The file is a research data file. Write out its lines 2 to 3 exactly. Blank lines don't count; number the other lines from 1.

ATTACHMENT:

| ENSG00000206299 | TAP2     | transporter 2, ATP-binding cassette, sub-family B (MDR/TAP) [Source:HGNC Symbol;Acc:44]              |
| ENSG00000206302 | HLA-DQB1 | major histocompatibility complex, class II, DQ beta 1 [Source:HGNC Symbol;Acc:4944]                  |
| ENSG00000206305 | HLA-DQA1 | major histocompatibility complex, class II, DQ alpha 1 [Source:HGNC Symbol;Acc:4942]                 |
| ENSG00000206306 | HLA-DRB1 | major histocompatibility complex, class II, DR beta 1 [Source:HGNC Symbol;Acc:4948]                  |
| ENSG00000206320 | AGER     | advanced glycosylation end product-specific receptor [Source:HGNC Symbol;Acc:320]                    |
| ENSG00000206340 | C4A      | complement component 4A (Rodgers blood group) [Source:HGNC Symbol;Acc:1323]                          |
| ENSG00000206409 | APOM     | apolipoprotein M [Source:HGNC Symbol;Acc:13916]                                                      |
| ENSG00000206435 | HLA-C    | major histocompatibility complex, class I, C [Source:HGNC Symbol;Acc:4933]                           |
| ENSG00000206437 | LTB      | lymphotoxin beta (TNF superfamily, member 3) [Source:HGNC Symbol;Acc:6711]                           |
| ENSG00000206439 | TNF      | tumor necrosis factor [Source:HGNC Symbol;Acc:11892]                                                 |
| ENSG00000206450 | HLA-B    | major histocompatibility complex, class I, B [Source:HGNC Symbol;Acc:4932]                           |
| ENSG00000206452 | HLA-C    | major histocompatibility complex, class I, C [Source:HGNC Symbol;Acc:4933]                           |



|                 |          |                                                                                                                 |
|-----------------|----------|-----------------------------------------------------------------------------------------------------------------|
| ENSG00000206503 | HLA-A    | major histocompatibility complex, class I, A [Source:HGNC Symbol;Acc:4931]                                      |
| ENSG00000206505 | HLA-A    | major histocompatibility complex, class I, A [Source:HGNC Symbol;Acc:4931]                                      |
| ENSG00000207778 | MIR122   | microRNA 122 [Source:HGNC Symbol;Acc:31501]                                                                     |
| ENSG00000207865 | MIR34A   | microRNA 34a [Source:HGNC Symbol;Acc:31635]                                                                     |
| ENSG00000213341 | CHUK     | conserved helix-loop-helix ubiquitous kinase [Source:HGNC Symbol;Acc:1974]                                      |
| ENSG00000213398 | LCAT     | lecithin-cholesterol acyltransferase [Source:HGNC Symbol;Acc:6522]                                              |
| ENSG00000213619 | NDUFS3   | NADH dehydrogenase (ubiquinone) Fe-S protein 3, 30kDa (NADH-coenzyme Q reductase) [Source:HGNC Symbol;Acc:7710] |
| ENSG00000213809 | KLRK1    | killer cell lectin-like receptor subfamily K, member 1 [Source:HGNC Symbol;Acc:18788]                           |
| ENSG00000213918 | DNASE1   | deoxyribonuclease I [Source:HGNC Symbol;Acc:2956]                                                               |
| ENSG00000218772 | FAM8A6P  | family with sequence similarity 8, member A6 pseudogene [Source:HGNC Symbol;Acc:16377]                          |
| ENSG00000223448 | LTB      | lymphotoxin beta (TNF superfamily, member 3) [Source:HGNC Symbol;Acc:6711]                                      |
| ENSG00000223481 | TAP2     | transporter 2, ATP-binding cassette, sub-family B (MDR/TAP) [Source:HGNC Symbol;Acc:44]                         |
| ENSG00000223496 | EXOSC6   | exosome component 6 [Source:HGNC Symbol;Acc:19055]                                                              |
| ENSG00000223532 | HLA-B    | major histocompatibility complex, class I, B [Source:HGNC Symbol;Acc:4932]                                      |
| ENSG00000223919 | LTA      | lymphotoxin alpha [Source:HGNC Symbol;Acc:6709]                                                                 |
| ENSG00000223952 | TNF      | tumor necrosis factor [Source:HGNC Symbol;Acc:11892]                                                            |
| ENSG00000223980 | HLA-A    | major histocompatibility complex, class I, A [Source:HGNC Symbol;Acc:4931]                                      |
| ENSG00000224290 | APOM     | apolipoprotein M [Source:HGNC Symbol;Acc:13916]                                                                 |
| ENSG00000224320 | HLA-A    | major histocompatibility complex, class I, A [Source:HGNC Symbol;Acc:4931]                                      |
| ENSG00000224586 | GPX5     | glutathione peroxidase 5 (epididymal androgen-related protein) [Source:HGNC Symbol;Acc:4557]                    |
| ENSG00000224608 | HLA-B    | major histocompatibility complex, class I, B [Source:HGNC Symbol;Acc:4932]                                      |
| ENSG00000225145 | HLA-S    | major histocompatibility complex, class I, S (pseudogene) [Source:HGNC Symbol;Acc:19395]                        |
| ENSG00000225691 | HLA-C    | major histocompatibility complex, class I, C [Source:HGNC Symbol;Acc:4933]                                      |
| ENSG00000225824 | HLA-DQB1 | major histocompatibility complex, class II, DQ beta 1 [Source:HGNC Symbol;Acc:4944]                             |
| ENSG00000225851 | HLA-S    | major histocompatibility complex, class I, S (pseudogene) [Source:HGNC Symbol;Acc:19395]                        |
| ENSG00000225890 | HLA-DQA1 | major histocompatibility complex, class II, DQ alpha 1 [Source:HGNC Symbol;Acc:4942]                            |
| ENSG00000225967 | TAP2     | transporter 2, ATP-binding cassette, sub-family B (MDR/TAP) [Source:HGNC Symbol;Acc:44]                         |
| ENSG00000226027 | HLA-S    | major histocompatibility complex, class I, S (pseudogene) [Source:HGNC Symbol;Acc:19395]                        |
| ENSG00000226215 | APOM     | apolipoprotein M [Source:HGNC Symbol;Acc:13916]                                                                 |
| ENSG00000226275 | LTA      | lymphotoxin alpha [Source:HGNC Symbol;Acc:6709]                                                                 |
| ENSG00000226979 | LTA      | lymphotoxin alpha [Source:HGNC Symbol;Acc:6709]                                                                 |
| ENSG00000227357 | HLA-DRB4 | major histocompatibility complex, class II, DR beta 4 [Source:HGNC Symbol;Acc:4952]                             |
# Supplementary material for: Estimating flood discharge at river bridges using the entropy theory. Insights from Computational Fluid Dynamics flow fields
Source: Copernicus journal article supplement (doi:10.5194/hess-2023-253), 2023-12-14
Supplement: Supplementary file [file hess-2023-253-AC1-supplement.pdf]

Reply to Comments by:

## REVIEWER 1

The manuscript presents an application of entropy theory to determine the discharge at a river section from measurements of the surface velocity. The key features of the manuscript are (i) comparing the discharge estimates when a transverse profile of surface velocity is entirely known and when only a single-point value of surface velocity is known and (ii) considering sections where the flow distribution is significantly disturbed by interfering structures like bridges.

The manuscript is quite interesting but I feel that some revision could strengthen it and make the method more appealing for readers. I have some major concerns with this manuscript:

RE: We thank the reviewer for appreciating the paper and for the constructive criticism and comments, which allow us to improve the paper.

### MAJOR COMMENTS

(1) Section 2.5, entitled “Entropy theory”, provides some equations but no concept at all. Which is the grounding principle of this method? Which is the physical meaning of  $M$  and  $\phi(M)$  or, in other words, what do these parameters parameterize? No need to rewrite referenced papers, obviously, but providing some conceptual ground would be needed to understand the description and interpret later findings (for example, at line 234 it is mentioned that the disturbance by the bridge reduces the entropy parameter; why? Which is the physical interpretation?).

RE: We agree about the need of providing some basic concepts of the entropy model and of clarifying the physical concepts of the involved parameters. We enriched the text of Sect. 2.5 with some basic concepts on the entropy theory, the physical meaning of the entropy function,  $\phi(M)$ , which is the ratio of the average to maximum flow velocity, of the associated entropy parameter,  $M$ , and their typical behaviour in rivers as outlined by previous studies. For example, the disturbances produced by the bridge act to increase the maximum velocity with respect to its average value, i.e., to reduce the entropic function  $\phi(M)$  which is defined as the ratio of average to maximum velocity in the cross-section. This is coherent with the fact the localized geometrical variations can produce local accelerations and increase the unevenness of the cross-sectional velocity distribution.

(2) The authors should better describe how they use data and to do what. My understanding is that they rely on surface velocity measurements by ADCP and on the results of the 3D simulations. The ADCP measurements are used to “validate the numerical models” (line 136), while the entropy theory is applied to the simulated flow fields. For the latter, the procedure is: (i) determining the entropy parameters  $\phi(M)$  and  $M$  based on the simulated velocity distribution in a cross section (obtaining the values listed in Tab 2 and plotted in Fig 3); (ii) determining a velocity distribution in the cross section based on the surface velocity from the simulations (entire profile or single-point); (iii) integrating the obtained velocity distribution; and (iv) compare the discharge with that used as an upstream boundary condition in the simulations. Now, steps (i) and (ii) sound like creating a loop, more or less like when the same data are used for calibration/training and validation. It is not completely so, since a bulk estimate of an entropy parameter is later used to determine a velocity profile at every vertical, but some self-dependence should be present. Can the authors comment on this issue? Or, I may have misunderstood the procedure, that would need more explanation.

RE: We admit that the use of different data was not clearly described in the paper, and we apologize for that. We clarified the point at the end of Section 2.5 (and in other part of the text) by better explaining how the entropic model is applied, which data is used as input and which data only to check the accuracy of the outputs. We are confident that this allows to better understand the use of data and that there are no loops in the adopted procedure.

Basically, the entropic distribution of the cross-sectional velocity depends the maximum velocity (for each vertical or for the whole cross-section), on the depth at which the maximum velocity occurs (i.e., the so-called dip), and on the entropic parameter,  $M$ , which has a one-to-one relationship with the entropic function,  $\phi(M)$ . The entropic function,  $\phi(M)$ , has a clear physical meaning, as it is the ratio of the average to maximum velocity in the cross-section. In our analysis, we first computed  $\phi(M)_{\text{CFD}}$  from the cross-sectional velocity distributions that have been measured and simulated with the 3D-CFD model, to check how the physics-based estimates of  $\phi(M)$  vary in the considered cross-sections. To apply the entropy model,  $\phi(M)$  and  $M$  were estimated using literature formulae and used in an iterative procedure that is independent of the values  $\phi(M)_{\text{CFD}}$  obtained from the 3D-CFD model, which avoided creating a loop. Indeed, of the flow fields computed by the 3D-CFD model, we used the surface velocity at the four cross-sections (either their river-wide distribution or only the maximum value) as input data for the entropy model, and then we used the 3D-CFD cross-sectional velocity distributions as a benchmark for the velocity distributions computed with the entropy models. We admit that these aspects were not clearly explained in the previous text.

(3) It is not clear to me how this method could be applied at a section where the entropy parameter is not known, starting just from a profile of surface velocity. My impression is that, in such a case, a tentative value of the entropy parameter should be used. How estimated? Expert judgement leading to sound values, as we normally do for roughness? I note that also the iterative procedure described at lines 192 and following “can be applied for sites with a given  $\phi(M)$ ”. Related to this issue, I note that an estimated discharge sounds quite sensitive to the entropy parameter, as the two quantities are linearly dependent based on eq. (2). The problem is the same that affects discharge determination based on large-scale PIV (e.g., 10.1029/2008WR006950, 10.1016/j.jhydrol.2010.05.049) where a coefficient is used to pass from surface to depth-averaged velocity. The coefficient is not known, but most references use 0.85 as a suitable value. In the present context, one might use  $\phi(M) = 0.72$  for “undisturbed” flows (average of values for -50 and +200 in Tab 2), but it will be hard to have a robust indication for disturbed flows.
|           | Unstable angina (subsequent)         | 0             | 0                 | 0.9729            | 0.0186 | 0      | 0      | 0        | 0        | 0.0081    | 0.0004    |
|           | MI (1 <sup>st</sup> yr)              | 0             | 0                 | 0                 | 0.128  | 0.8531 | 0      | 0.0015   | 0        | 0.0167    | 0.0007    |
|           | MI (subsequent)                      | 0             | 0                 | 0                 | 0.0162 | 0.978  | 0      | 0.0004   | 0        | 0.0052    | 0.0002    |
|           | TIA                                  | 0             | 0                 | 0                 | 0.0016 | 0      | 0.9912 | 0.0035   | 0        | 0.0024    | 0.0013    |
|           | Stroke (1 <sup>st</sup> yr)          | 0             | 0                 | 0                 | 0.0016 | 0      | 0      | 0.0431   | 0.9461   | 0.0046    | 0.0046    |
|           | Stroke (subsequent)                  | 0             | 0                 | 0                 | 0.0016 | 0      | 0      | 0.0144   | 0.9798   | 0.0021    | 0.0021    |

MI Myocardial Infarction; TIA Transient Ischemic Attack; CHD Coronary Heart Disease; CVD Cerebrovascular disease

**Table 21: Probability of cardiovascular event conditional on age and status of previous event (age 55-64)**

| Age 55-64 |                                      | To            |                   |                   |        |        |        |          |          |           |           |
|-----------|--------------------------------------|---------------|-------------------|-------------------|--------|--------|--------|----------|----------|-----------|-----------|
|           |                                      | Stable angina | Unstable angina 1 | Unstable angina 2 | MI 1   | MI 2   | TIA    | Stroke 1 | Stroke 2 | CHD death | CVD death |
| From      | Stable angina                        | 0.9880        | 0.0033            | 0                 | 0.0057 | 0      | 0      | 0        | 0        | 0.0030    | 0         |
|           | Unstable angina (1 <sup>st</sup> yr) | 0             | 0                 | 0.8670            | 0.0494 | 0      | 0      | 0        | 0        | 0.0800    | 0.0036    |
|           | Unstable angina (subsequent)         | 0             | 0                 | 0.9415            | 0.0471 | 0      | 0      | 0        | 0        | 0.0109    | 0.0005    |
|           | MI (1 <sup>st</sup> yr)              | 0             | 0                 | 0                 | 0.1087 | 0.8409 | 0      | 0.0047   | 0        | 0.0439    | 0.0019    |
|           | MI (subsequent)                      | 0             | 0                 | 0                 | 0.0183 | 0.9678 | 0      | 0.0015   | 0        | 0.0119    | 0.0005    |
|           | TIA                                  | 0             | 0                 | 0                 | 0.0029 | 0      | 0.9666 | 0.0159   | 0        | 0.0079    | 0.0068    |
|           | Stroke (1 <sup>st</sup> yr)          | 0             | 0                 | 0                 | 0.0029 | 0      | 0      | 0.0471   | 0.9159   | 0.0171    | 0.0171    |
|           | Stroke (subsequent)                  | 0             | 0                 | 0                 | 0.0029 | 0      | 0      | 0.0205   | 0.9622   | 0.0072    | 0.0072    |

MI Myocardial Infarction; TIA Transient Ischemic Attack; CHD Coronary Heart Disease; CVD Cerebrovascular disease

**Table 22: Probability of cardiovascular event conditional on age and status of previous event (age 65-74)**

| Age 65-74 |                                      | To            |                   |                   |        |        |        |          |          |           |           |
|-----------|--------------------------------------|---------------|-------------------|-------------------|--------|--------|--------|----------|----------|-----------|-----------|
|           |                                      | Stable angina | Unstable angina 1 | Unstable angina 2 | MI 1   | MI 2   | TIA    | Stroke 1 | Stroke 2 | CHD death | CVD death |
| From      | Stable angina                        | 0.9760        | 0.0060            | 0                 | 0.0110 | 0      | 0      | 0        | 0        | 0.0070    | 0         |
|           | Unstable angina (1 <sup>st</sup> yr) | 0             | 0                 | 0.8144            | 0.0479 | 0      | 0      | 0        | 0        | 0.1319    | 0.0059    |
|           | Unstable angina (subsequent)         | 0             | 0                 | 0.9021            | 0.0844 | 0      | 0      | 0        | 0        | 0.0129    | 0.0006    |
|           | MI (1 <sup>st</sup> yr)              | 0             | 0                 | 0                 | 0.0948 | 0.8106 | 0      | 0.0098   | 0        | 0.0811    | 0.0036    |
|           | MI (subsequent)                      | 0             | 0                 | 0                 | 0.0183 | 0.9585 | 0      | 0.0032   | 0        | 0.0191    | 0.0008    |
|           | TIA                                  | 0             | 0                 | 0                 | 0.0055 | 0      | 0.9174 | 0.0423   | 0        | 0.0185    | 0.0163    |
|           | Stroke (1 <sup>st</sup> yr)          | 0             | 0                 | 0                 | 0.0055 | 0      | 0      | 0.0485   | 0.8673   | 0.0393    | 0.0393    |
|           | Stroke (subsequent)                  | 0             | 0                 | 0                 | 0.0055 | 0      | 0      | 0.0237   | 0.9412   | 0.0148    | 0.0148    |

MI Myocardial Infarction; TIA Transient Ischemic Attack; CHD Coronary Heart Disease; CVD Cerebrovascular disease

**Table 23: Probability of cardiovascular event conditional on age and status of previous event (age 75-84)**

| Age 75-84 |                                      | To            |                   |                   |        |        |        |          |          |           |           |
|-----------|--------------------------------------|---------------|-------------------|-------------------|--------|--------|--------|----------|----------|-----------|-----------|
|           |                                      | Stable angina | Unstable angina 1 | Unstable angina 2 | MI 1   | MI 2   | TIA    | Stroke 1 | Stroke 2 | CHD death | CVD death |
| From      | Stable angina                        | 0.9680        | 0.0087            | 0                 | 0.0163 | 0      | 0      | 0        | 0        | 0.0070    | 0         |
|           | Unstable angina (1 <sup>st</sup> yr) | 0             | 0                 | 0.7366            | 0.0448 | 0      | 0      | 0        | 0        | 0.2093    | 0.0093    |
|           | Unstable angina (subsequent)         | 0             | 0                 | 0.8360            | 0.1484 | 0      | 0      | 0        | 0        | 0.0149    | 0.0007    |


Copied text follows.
| ENSG00000206302 | HLA-DQB1 | major histocompatibility complex, class II, DQ beta 1 [Source:HGNC Symbol;Acc:4944]                  |
| ENSG00000206305 | HLA-DQA1 | major histocompatibility complex, class II, DQ alpha 1 [Source:HGNC Symbol;Acc:4942]                 |